National Book Awards Acceptance Speeches
Terkel, Winner of the 1997
DISTINGUISHED CONTRIBUTION TO AMERICAN LETTERS AWARD
Thank you very much. Thank you. I'm glad that Don Logan mentioned Andre Schiffrin because he's the man who turned my life upside down. I was in Chicago 30 years ago minding my own business. I got a phone call from Andre Schiffrin suggesting I change my line of work. That was unusual, since I was 55-years old at the time. And I was engaged mostly as a radio disc jockey, and as a Chicago gangster in soap operas. And Andre suggested early retirement from those endeavors and a new line of work. And so, in the words of Jack Jefferson, in Great White Hope, he says, "Here I be for better or for worse." And it simply proves that if you hang around long enough, anything is possible.
And so I was thinking, listening to Don Logan, I thought that more than a touch of irony to this pleasant occasion. I am, after a fashion, being honored for celebrating the lives of the non-celebrated. For reputedly lending voice to the face in the crowd. Now this is much of what oral history is all about, it's been with us long, long before the feather pen and ink. Long before Gutenburg and the printing press. I guess it's been with us since the first Shaman, for the first communal fire called upon the spirits to offer a tribal tale, to reveal a hidden truth.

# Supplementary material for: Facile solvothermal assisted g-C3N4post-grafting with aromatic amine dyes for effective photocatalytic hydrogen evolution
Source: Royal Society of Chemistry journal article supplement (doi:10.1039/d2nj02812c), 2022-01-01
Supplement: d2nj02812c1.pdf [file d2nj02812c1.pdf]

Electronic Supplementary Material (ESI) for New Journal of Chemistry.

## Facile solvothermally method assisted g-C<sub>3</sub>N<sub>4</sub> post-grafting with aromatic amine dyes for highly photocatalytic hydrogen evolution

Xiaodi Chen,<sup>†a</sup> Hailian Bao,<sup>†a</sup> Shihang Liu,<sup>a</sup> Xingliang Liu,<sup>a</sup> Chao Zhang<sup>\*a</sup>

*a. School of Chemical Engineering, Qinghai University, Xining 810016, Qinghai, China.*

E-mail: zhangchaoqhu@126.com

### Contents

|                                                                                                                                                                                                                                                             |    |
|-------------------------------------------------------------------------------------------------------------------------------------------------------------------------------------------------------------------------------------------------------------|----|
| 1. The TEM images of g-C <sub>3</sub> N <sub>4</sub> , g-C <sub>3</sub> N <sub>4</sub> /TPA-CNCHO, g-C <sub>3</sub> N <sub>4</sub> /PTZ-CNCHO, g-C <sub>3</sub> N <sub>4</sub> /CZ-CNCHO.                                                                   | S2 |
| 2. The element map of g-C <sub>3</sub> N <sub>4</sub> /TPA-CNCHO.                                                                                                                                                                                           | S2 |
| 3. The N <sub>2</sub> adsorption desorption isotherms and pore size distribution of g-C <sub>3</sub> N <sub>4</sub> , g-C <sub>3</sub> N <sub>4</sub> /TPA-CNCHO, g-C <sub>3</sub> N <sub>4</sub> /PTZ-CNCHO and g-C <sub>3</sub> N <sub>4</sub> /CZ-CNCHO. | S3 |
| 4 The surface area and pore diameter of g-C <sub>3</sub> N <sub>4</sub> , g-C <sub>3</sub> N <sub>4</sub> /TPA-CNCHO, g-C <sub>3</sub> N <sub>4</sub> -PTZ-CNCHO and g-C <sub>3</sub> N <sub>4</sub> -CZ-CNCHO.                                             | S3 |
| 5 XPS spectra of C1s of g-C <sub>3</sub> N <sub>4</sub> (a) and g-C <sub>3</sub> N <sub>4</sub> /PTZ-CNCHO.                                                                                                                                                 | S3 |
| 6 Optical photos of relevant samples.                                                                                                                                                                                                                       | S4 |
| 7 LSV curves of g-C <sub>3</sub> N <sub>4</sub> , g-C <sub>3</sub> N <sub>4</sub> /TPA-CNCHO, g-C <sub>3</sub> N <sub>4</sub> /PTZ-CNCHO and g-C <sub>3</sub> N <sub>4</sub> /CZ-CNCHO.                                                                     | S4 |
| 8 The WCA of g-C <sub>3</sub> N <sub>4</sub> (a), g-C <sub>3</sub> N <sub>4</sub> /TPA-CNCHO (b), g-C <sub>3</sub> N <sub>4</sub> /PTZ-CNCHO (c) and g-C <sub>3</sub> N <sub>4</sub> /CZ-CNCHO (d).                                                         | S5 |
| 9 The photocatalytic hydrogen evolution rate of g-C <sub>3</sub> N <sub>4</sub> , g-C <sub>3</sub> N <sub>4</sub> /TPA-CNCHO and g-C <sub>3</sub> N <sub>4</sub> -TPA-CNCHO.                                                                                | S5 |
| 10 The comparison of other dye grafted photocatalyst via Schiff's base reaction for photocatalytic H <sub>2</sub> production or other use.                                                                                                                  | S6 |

No accident that Alex Haley in working on Roots, visited the lands of his forebears, Gambia, to meet the Greeos, the tribal storytellers. It was Henry Mayhue, a contemporary Dickins, who sought out the needle workers and shoemakers, the street criers, the chimney sweeps, all those et ceteras. And one year, 1850, he put forth a million words, their words, in the Morning Chronicle. He gave voice to these groundlings who were so often seen like well behaved children, seldom heard in the respectibles of London, Manchester, and Birmingham. In reading that morning newspaper they were astonished, they had no idea these et ceteras, who had for so long submissively and silently served them, thought such thoughts; and what's more, felt that way.